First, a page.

-Bertrand Russell ”The Study of Mathematics” (1902)
|—||Michio Kaku, String Theory Genius Explains The Coming Breakthroughs That Will Change Life As We Know It|
So, you never went to university…or you assiduously avoided all maths whilst at university…or you started but were frightened away by the epsilons and deltas…. But you know the calculus is one of the pinnacles of human thought, and it would be nice to know just a bit of what they’re…
60,000 miles up: Space elevator could be built by 2035
magine a ribbon roughly one hundred million times as long as it is wide. If it were a meter long, it would be 10 nanometers wide, or just a few times thicker than a DNA double helix. Scaled up to the length of a football field, it would still be less than a micrometer across — smaller than a red blood cell. Would you trust your life to that thread? What about a tether 100,000 kilometers long, one stretching from the surface of the Earth to well past geostationary orbit (GEO, 22,236 miles up), but which was still somehow narrower than your own wingspan?
The idea of climbing such a ribbon with just your body weight sounds precarious enough, but the ribbon predicted by a new report from the International Academy of Astronautics (IAA) will be able to carry up to seven 20-ton payloads at once. It will serve as a tether stretching far beyond geostationary (aka geosynchronous) orbit and held taught by an anchor of roughly two million kilograms. Sending payloads up this backbone could fundamentally change the human relationship with space — every climber sent up the tether could match the space shuttle in capacity, allowing up to a “launch” every couple of days.
The report spends 350 pages laying out a detailed case for this device, called a space elevator. The central argument — that we should build a space elevator as soon as possible — is supported by a detailed accounting of the challenges associated with doing so. The possible pay-off is as simple as could be — a space elevator could bring the cost-per-kilogram of launch to geostationary orbit from $20,000 to as little as $500.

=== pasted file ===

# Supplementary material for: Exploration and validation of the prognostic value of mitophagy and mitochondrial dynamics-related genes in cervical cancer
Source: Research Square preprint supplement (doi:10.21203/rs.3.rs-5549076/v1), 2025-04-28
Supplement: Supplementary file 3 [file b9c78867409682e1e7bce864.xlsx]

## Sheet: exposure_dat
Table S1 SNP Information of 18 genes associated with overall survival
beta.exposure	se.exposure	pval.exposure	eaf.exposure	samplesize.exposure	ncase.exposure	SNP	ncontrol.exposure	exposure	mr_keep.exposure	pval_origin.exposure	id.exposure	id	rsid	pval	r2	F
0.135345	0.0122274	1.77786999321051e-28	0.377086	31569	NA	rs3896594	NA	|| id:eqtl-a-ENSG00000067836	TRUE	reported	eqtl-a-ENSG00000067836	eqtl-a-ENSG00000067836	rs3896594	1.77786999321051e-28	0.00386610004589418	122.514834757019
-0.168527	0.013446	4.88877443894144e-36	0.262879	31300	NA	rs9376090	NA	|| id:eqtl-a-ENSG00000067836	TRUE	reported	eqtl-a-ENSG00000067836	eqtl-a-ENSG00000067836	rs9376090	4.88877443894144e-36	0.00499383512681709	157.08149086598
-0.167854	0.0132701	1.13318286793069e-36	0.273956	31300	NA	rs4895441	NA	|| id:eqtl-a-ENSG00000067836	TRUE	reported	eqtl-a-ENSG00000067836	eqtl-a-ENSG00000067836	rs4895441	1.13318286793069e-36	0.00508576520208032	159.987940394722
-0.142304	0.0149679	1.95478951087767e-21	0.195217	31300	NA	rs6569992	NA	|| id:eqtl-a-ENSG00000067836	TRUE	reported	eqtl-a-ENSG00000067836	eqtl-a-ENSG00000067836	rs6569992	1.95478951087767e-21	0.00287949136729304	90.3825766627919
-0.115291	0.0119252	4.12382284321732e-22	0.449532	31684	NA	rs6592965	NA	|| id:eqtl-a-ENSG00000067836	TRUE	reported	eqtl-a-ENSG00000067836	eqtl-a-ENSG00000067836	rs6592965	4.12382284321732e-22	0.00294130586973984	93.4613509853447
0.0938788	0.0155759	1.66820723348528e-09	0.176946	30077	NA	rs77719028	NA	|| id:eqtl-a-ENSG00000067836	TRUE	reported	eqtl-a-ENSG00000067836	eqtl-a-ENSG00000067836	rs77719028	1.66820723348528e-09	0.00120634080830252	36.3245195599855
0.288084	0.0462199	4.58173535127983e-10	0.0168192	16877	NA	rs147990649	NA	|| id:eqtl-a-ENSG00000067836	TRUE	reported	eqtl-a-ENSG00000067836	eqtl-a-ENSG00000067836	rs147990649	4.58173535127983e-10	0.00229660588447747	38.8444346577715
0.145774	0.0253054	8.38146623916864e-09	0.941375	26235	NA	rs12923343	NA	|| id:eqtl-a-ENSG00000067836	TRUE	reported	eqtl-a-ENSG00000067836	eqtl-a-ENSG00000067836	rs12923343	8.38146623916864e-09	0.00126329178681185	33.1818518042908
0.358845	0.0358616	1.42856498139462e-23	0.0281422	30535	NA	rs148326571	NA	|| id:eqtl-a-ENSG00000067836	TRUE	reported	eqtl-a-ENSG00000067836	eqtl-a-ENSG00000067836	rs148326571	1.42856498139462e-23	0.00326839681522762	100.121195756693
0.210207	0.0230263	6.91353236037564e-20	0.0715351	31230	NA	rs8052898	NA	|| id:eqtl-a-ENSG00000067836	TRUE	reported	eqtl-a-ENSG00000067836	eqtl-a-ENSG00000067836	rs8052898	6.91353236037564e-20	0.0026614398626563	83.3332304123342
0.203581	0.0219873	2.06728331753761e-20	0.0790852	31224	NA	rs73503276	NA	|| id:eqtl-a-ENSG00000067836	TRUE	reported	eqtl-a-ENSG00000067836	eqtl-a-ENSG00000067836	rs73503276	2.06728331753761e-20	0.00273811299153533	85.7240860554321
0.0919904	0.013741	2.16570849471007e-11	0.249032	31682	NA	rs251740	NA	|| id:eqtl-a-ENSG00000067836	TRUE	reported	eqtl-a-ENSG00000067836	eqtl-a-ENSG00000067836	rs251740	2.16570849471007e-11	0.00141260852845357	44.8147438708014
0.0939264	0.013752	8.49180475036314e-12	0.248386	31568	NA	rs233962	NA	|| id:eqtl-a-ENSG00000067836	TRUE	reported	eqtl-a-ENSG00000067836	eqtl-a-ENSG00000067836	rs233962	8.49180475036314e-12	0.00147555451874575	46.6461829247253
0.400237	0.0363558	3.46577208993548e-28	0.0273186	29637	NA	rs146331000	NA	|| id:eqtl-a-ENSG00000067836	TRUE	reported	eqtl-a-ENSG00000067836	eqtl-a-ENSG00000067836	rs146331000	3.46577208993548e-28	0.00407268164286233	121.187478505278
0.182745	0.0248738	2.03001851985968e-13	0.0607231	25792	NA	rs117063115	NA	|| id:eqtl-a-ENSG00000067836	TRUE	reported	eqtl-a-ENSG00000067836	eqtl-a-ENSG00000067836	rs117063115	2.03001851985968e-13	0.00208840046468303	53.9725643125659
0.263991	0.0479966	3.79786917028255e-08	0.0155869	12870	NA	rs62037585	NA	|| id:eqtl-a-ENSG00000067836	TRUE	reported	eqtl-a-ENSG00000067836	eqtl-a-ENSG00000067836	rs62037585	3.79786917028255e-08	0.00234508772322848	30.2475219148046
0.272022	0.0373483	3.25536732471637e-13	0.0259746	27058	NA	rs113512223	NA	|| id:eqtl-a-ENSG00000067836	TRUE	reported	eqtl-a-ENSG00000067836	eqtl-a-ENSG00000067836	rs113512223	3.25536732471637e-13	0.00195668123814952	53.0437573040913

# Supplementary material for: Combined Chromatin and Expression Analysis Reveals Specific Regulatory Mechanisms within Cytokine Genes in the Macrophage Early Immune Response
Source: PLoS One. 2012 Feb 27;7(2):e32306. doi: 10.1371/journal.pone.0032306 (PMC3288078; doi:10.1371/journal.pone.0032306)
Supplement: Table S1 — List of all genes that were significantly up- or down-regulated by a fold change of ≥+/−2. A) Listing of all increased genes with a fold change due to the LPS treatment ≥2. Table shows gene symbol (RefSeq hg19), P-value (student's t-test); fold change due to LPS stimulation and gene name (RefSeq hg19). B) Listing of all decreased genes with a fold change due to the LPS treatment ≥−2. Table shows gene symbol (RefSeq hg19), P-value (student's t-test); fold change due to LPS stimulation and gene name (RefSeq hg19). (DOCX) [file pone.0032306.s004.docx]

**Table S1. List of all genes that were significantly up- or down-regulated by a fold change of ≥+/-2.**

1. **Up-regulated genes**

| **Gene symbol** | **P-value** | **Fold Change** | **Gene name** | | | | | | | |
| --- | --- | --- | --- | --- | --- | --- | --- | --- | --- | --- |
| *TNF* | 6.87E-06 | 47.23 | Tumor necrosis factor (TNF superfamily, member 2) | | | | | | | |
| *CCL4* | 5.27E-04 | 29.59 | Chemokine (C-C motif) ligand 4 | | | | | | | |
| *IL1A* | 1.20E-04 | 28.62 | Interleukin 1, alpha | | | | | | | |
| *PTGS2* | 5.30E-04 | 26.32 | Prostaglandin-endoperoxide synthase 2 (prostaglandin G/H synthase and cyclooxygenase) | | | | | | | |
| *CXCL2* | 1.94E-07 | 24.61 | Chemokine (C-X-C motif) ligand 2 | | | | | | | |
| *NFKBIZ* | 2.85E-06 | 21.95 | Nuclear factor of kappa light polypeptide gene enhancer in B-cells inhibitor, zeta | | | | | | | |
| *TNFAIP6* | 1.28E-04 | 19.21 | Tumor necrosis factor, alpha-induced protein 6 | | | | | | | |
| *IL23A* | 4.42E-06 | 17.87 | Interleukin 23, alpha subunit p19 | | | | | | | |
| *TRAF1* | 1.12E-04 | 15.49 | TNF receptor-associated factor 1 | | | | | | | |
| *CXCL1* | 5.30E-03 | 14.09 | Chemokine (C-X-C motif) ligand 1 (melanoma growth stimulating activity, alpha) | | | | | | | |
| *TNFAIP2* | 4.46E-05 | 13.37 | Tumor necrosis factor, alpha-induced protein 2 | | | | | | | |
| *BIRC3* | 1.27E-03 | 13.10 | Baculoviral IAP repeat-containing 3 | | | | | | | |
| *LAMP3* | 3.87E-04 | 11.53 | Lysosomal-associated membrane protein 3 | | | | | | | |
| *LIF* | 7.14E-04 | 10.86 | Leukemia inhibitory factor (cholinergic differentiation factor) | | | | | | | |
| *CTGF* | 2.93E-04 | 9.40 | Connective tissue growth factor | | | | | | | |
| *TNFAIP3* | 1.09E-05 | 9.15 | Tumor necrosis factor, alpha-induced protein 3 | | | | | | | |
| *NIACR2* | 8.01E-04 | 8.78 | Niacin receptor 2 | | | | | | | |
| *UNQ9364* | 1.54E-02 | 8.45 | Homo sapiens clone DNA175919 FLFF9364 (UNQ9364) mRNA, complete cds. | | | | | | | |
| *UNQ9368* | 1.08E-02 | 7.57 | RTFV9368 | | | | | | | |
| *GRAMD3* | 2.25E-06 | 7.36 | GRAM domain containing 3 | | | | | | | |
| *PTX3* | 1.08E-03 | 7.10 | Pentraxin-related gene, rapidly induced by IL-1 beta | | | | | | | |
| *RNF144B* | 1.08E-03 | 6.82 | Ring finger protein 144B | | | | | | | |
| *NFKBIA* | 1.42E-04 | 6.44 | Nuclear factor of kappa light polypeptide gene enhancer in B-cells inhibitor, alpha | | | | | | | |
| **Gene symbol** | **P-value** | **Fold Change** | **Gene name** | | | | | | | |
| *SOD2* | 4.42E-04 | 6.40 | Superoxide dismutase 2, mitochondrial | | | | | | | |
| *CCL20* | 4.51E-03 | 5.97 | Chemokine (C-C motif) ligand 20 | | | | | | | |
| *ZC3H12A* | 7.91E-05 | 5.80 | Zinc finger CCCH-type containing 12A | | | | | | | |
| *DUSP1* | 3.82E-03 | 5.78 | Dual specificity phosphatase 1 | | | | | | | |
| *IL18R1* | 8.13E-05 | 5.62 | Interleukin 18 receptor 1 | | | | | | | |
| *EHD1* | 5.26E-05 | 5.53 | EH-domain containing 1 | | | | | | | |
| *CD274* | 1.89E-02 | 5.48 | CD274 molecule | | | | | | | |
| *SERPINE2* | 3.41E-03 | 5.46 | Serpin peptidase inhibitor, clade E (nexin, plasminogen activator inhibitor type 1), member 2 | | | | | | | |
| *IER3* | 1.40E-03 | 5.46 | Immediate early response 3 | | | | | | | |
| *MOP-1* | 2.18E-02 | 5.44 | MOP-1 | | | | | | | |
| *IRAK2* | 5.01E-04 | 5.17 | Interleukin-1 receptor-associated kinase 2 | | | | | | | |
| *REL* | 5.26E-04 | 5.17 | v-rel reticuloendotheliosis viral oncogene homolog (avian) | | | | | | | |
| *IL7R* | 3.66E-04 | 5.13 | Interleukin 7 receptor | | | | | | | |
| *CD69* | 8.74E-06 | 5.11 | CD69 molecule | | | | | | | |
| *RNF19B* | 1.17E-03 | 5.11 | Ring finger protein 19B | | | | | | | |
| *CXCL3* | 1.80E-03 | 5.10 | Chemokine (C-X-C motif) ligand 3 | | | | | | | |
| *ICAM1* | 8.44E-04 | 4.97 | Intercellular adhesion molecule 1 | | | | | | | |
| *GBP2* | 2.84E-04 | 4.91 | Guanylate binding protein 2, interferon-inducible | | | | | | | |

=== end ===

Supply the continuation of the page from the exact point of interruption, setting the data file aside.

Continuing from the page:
‘Iron Man’ by Black Sabbath is my new jam.
"This is what the next generation of engineers looks like
Black Girls CODE introduces young girls of color to computer programming, mobile app development, robotics and other STEM fields, so the girls can learn how to build the tools they want to see in the world. The non-profit is a global organization, with chapters in Oakland, Calif., Atlanta, New York and even South Africa, with expansion to eight more cities planned for next year. Every chapter targets girls of color between the ages of 7 and 17, formative years for capturing the girls’ interest in STEM and building their self-confidence.
"Science is magic, and our girls are opening their eyes to the fact that they can learn to become the magicians," says Bryant, who launched the company with a class of 12 girls.
But the reach of Black Girls CODE has grown exponentially in two years; the roster now exceeds 2,000 girls. Bryant was named one of the White House’s Champions for Change in the tech sector, and Black Girls Code was named one the “2012 Most Innovative Nonprofit.”
Scientists describe as ‘extremely interesting’ new analysis that makes case for gamma rays tracing back to Wimp particles
The HP-11C scientific calculator, introduced in 1981 and discontinued in 1989, featured a “slim line” design, function set and programming tools, and continuous memory.